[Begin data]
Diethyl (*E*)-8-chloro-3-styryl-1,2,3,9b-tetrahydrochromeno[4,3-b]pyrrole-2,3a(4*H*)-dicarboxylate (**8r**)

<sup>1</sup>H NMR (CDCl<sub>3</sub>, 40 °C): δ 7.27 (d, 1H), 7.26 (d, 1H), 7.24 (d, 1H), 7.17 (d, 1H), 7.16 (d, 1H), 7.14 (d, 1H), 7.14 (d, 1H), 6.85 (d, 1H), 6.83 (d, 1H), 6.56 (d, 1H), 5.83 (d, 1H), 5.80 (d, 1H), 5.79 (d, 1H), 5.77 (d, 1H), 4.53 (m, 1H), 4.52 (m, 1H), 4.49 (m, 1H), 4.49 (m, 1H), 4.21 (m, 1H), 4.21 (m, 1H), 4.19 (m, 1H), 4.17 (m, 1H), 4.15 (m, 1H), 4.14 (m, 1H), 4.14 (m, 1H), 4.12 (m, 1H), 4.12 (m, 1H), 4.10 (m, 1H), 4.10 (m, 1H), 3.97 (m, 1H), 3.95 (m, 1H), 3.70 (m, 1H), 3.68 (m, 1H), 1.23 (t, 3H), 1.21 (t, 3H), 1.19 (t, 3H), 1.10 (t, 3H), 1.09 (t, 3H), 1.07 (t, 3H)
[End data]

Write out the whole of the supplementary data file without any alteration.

Diethyl (*E*)-8-chloro-3-styryl-1,2,3,9b-tetrahydrochromeno[4,3-b]pyrrole-2,3a(4*H*)-dicarboxylate (**8r**)

<sup>1</sup>H NMR (CDCl<sub>3</sub>, 40 °C): δ 7.27 (d, 1H), 7.26 (d, 1H), 7.24 (d, 1H), 7.17 (d, 1H), 7.16 (d, 1H), 7.14 (d, 1H), 7.14 (d, 1H), 6.85 (d, 1H), 6.83 (d, 1H), 6.56 (d, 1H), 5.83 (d, 1H), 5.80 (d, 1H), 5.79 (d, 1H), 5.77 (d, 1H), 4.53 (m, 1H), 4.52 (m, 1H), 4.49 (m, 1H), 4.49 (m, 1H), 4.21 (m, 1H), 4.21 (m, 1H), 4.19 (m, 1H), 4.17 (m, 1H), 4.15 (m, 1H), 4.14 (m, 1H), 4.14 (m, 1H), 4.12 (m, 1H), 4.12 (m, 1H), 4.10 (m, 1H), 4.10 (m, 1H), 3.97 (m, 1H), 3.95 (m, 1H), 3.70 (m, 1H), 3.68 (m, 1H), 1.23 (t, 3H), 1.21 (t, 3H), 1.19 (t, 3H), 1.10 (t, 3H), 1.09 (t, 3H), 1.07 (t, 3H)